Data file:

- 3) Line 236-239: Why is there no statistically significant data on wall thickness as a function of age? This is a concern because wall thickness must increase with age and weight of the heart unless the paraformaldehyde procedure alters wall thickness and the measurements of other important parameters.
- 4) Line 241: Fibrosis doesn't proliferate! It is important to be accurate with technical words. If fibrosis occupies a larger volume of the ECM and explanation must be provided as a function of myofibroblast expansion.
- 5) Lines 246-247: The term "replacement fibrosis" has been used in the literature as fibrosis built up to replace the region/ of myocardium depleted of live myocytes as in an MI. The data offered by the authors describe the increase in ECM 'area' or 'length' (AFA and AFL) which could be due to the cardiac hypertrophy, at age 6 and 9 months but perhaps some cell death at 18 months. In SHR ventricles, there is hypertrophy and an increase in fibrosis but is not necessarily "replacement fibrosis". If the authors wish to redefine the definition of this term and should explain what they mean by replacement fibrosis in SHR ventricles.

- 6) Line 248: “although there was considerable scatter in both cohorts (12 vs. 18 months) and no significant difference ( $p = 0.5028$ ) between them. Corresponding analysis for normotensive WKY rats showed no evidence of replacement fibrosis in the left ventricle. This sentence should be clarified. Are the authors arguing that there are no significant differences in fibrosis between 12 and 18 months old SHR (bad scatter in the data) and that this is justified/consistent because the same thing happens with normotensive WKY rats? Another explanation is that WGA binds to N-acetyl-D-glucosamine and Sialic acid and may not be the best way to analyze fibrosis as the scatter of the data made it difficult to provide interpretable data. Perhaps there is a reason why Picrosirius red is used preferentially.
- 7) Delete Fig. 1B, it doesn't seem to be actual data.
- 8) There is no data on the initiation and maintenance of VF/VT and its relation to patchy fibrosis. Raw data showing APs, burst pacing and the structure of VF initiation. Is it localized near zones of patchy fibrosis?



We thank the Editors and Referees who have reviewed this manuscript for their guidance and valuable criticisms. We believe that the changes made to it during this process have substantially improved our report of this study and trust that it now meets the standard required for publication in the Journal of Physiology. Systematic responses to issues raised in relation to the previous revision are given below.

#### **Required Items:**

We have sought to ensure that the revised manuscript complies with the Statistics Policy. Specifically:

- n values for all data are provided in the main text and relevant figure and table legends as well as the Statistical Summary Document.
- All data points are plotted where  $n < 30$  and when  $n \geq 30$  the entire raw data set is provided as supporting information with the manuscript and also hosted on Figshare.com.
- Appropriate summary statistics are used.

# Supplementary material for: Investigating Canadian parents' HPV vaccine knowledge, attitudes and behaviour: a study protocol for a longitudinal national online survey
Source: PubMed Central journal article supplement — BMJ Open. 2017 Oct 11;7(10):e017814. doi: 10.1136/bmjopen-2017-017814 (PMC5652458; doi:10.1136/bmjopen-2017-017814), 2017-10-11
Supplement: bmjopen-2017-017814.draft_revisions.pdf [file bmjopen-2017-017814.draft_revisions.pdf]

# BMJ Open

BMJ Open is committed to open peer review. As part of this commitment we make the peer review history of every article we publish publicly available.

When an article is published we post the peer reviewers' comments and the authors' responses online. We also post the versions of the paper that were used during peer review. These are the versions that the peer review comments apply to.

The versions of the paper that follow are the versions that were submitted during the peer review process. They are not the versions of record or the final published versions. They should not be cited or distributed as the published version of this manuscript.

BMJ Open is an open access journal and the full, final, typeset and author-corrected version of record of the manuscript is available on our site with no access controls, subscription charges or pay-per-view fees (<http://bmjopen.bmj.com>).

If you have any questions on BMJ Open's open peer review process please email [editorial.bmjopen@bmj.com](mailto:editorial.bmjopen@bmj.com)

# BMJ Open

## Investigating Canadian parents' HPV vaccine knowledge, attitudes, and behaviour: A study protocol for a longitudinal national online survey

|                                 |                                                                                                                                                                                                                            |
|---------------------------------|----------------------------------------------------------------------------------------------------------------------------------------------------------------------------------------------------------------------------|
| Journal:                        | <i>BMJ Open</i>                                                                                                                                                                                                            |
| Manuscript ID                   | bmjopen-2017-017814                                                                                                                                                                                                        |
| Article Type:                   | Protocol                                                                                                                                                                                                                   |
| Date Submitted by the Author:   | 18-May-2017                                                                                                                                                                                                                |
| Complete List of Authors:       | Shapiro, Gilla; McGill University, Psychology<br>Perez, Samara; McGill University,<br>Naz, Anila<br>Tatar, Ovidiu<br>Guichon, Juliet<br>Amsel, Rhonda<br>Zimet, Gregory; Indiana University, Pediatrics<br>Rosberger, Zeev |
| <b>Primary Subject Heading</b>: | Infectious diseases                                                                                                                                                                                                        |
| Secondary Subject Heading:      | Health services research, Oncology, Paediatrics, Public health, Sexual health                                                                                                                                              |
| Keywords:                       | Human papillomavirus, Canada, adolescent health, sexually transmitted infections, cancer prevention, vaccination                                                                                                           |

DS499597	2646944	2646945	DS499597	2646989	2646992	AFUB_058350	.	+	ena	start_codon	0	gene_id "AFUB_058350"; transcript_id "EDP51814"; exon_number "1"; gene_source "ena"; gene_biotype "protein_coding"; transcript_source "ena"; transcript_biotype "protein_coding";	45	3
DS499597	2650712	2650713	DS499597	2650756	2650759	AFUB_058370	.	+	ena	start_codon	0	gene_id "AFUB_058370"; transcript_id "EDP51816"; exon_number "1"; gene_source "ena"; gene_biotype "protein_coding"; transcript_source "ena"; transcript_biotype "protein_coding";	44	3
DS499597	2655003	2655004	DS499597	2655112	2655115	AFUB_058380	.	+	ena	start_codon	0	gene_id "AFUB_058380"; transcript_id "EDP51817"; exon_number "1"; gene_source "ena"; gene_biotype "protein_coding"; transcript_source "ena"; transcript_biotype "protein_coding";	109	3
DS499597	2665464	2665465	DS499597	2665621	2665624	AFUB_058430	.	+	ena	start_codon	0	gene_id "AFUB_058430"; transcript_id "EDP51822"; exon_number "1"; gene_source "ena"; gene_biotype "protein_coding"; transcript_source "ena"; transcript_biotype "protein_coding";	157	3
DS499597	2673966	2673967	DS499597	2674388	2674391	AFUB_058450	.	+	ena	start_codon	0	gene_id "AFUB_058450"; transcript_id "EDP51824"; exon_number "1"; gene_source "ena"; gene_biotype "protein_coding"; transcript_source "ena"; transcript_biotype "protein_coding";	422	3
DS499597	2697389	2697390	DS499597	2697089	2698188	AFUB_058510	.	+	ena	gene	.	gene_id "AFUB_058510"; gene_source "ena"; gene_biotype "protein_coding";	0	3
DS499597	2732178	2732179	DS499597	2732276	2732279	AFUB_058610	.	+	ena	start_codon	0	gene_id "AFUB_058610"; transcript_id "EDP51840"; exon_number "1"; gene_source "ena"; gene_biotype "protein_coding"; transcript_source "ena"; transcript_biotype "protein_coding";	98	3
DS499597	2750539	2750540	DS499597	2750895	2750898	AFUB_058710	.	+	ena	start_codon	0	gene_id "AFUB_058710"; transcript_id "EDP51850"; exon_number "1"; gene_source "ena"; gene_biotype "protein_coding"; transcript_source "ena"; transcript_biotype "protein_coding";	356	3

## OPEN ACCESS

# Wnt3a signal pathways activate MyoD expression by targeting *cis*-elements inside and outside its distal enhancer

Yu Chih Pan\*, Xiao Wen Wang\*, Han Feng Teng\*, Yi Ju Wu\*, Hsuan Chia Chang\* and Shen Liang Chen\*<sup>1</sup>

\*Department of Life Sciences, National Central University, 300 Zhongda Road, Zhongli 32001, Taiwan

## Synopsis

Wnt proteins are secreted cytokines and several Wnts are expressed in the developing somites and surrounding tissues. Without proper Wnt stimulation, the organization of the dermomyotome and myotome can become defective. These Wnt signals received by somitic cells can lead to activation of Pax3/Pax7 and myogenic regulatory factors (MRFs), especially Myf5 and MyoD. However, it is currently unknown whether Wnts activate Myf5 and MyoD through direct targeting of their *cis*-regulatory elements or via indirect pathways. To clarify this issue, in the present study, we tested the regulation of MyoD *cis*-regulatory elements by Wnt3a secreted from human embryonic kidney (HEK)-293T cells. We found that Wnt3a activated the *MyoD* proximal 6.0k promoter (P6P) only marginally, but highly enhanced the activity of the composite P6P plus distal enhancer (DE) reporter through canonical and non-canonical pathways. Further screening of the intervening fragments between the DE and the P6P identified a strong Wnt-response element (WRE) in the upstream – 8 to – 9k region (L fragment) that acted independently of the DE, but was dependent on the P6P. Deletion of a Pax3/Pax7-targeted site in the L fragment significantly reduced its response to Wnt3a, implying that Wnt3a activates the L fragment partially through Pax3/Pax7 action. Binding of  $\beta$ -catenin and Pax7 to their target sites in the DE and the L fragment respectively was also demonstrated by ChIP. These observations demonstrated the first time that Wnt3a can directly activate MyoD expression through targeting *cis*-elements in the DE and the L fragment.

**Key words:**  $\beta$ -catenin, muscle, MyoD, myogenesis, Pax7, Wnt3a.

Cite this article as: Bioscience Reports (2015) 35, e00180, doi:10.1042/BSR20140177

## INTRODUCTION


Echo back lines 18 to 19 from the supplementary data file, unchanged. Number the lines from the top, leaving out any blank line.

When an article is published we post the peer reviewers' comments and the authors' responses online. We also post the versions of the paper that were used during peer review. These are the versions that the peer review comments apply to.

The versions of the paper that follow are the versions that were submitted during the peer review process. They are not the versions of record or the final published versions. They should not be cited or distributed as the published version of this manuscript.